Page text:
when I google imaged phototransistors it had a picture of this little black thing (great description!) and it looked exactly like this thing i found in a VCR is it also a phototransistor?

pictures found at this url:
http://no1name.zoomshare.com/



yep

surprise surprise  TV remotes use IR to communicate with the TV!
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Offline paulstreats

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Re: Aha...oh...huh?
« Reply #10 on: March 24, 2008, 06:45:09 PM »
to carry on what ed was saying:

a transistor has three legs. A collector , a base, and an emitter.
the load is usually connected to the collector (ie Vin +5v).
another input is also connected to the base(ie Vin +1v). When this input is switched on, current will flow between the collector and the emitter.
Transistors are deemed always on because if you send a small input(0.2v) to the base, you get a small output out of the collector(1v). If you have a medium input to the base (0.5v), you get a medium output(2.5v).
The datasheets explain what the tolerances are.

Phototransistors work in the same way. They only have 2 legs usually. 1 is the collector and 1 is the emitter.(its best to get a datasheet to find out which one is which so you dont risk damaging it with reverse current). the input at the base comes from the led itself so when medium light hits the led it allows a medium output from the emitter(2.5v). When very bright light is shone on the led it allows a large output(5v)

This works because led's also generate a very small amount of electricity when light shines on them. Its enough to run through the base of the transistor and turn it on(it has to be the same colored light as what the led is made for so an ir phototransistor will work only with ir light)

Offline Private ReidTopic starter

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Re: Aha...oh...huh?
« Reply #11 on: March 25, 2008, 01:08:24 AM »
OK...

so my little black thingy is also a phototransistors so I could wire it to my robot along with my photoresistors!

SPLENDID

i think ill mess around with the wiring. first ill plug it in like the photoresistor and see what happens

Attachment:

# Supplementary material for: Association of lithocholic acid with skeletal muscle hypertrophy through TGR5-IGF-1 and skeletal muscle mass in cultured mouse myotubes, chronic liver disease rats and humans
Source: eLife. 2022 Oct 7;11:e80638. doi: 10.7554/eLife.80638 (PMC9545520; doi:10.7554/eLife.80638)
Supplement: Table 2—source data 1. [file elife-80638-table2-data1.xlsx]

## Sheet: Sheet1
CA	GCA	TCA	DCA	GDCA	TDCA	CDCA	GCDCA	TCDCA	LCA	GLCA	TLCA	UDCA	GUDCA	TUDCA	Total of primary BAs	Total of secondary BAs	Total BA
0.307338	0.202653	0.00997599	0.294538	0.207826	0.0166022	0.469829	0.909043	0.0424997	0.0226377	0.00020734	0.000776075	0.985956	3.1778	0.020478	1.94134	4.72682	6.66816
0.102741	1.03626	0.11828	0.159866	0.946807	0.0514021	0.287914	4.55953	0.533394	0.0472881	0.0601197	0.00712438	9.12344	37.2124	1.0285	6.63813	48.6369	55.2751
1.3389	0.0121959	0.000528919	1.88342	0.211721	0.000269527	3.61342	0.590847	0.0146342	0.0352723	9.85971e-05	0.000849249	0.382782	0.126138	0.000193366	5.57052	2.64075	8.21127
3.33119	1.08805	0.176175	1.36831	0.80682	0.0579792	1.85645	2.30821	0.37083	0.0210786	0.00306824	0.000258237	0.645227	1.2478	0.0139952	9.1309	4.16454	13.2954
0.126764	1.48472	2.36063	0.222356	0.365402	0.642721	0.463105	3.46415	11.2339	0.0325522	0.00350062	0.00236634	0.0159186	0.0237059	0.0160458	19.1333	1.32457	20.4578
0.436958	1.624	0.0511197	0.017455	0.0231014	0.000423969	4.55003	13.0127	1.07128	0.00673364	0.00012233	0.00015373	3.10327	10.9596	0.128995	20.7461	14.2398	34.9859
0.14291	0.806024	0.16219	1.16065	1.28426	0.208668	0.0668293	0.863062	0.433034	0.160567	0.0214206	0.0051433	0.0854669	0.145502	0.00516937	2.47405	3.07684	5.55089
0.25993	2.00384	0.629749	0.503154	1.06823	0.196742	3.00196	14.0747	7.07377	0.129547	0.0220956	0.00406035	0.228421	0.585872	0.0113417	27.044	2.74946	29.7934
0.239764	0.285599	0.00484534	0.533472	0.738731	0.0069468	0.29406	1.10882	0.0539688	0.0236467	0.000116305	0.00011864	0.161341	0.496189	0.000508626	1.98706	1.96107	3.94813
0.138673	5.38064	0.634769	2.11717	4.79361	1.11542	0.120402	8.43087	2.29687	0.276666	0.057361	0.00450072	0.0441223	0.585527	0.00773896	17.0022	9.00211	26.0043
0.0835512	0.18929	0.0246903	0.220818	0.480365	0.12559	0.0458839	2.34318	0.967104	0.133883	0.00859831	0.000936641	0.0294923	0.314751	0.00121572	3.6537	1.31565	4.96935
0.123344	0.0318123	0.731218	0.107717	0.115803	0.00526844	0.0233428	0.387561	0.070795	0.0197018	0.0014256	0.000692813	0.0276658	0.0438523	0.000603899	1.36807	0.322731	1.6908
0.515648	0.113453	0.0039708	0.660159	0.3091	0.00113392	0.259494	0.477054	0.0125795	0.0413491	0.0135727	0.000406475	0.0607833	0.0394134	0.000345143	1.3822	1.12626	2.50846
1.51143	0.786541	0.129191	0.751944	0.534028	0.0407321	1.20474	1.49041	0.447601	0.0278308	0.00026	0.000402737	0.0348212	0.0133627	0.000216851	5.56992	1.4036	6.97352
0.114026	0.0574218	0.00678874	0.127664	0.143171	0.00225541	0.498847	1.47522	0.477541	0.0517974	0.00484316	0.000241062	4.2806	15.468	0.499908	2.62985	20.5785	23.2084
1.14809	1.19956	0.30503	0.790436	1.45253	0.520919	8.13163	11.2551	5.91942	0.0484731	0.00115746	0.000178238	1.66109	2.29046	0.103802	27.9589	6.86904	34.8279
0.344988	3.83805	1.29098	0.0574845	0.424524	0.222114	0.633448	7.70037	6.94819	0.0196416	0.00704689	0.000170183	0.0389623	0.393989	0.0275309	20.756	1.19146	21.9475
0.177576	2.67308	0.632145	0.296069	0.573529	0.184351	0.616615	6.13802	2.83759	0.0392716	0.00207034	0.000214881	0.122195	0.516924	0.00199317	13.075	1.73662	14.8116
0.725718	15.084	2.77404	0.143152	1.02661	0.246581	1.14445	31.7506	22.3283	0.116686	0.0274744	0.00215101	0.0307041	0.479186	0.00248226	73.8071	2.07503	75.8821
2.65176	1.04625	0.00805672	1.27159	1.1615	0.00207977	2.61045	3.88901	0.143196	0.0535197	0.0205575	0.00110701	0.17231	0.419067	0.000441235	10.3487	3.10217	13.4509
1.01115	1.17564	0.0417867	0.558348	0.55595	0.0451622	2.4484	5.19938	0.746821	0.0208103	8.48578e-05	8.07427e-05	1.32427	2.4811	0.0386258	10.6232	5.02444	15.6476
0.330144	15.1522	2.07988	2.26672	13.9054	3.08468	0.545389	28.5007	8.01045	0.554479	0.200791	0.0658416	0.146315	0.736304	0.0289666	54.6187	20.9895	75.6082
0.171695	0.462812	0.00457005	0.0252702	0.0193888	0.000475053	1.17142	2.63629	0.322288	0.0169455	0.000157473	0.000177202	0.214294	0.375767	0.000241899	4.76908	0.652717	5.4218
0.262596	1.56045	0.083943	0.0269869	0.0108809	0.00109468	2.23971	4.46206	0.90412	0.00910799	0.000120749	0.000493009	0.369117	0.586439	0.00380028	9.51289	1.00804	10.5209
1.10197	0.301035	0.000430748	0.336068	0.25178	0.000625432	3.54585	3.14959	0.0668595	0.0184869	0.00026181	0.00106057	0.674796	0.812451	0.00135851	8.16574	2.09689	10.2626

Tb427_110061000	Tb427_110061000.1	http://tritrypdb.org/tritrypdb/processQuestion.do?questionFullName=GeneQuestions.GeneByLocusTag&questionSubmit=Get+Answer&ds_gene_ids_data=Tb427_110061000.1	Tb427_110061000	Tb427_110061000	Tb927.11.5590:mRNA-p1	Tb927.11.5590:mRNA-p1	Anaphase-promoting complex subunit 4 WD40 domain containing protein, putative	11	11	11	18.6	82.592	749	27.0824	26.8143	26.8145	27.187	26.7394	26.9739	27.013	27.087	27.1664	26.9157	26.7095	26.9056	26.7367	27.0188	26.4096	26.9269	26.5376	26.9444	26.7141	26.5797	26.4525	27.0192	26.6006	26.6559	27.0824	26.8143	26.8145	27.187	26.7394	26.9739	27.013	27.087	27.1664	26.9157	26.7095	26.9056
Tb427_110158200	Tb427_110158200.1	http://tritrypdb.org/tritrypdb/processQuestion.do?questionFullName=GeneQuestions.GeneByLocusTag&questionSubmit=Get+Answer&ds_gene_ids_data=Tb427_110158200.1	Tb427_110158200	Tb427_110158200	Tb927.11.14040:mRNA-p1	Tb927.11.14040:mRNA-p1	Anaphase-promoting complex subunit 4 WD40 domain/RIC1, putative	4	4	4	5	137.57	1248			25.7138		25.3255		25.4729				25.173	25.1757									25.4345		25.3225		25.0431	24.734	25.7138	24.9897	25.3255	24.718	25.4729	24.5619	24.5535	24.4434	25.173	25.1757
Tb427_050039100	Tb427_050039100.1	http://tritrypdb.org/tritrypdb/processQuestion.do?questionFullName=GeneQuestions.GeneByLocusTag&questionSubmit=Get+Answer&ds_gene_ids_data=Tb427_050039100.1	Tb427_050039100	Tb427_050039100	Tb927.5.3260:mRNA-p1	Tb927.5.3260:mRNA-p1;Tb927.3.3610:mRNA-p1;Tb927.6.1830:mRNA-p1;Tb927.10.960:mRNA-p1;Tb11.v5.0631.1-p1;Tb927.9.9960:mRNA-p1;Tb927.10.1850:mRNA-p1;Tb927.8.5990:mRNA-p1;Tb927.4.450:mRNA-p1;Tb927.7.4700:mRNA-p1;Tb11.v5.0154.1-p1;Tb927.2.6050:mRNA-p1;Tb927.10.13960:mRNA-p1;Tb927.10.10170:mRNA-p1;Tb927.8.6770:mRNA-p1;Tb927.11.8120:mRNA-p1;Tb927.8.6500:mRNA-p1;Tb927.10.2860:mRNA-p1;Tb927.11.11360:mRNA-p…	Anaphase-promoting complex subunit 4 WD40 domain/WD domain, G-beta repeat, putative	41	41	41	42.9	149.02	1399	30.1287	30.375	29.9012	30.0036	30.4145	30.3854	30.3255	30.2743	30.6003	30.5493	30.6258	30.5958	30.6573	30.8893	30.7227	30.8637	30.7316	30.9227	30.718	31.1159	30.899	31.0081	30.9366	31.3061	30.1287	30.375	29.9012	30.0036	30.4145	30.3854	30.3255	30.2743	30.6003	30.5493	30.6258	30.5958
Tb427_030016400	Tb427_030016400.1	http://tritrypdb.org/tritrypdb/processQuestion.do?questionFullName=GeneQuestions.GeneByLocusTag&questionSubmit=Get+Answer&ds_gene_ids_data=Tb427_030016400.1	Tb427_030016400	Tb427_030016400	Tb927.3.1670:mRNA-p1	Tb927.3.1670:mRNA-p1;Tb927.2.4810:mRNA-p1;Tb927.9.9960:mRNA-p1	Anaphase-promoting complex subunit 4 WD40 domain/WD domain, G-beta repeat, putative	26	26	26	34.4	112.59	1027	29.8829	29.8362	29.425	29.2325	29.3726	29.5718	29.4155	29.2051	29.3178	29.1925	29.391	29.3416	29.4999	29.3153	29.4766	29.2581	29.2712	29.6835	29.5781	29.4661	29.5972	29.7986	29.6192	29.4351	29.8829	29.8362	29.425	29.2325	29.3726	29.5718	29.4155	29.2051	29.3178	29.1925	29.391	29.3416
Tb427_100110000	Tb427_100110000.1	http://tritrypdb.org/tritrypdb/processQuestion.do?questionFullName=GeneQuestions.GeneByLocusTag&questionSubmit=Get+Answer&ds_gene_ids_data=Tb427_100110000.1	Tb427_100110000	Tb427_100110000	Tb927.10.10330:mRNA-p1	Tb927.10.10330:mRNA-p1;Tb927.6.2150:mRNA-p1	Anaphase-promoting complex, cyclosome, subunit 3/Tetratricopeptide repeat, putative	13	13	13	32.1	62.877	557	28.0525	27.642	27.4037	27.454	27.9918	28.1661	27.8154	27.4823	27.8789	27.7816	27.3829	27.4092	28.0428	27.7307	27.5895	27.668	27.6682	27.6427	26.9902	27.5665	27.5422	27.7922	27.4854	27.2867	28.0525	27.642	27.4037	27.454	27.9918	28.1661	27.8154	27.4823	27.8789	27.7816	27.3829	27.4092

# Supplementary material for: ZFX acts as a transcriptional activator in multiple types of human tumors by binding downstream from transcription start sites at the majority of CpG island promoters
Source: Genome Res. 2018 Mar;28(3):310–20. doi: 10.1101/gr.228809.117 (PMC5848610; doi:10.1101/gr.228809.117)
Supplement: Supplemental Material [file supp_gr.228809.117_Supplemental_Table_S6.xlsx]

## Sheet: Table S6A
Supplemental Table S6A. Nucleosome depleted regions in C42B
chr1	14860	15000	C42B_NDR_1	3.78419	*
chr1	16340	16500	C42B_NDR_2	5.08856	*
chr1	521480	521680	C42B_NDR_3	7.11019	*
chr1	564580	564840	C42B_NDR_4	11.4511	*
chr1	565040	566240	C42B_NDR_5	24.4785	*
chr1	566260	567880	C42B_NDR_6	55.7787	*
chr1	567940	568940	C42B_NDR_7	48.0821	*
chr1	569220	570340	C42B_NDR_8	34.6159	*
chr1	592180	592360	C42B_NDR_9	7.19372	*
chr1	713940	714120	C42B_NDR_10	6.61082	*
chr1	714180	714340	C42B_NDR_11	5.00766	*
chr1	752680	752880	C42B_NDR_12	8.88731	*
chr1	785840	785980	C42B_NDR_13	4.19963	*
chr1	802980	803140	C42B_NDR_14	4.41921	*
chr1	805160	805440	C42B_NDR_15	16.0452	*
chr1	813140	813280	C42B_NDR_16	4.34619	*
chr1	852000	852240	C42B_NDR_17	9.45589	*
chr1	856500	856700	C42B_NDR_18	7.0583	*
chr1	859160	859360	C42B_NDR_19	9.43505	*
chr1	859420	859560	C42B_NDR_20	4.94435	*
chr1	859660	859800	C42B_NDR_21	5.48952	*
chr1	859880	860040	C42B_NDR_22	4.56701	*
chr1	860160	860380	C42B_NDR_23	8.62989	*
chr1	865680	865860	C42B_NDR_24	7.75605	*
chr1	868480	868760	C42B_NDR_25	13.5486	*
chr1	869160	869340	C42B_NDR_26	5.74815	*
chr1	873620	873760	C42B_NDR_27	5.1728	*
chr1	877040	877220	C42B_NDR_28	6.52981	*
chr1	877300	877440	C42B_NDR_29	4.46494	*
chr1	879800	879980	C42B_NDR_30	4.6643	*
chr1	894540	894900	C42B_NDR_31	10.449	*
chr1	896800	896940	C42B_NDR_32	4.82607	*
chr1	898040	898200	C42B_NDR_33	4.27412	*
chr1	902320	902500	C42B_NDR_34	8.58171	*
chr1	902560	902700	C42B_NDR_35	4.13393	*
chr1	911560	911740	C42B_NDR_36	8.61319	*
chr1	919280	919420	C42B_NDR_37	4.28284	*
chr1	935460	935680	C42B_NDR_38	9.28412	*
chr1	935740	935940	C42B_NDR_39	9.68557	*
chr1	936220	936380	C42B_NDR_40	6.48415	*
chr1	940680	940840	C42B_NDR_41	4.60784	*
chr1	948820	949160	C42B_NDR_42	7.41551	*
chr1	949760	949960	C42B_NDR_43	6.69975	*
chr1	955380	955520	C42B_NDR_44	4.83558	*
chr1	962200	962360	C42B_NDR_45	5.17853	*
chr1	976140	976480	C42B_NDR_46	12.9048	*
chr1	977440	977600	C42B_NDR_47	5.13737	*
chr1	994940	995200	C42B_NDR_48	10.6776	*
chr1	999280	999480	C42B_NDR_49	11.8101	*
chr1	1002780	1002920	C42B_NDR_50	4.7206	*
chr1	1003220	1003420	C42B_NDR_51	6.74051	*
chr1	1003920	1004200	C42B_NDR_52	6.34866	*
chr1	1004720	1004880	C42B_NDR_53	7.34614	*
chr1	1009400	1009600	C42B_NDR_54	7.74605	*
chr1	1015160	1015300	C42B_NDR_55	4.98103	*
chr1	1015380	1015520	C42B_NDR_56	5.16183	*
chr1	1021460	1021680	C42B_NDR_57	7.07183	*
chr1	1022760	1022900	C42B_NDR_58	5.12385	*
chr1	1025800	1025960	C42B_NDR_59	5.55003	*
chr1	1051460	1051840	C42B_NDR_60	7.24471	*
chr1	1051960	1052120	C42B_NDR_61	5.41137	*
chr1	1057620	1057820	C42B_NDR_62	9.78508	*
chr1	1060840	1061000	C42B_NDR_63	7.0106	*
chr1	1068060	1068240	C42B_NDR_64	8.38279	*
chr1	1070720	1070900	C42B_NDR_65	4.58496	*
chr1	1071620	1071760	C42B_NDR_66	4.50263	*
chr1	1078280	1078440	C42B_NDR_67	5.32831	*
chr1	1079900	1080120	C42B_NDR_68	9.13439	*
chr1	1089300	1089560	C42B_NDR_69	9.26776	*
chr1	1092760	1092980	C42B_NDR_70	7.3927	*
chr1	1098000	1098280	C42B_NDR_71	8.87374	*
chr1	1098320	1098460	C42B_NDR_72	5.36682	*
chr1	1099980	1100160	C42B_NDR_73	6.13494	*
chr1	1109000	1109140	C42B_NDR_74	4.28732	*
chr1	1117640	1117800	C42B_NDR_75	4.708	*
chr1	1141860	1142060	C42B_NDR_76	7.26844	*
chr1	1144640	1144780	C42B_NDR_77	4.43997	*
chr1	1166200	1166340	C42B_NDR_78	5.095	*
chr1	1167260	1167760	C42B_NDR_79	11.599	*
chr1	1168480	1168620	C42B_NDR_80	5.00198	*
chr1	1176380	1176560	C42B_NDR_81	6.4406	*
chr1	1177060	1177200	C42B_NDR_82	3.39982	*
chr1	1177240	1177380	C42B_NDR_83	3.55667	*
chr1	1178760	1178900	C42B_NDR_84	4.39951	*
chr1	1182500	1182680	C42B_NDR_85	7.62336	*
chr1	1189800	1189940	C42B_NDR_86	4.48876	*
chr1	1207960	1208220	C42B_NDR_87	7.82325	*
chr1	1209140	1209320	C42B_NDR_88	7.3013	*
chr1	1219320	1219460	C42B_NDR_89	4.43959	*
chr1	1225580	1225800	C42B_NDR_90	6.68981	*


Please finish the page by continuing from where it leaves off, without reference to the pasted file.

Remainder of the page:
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Offline Private ReidTopic starter

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Re: Aha...oh...huh?
« Reply #12 on: March 25, 2008, 02:30:55 AM »
This works because led's also generate a very small amount of electricity when light shines on them. Its enough to run through the base of the transistor and turn it on(it has to be the same colored light as what the led is made for so an ir phototransistor will work only with ir light)

Ok so that is why they were in the VCR. cause the remote produces infared and the phototransistor collects it and plays your movie or whatever.

Correct?

So could i use the IR in the remote for obstacle avoidance?

Aswell as my photortransistors and photoresistors
« Last Edit: March 25, 2008, 02:32:40 AM by Private Reid »
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Offline superchiku

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Re: Aha...oh...huh?
« Reply #13 on: March 25, 2008, 06:32:35 AM »
no photoresistors in australia ... how come this is impossible ... australia is an advanced country and it doesnt have photoresistors?
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Offline ScorpIon

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Re: Aha...oh...huh?
« Reply #14 on: March 25, 2008, 06:49:39 AM »
Maybe photoresistors are obsolete in Australia? :p

Offline Soeren

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Re: Aha...oh...huh?
« Reply #15 on: March 25, 2008, 09:07:17 AM »
Hi,

no photoresistors in australia ...

Plenty, you just have to search for the right term. Here is one example: http://www.scorpiotechnology.com.au/technologypricelist.shtml#ldr

Phototransistors do have 3 "pins", but sometimes the base is removed, since some people only use them in their simplest configuration. When the base terminal is brought out, the response time and sensitivity can be adjusted.
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Offline Soeren

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Re: Aha...oh...huh?
« Reply #16 on: March 25, 2008, 09:21:15 AM »
Transistors are deemed always on because if you send a small input(0.2v) to the base, you get a small output out of the collector(1v). If you have a medium input to the base (0.5v), you get a medium output(2.5v).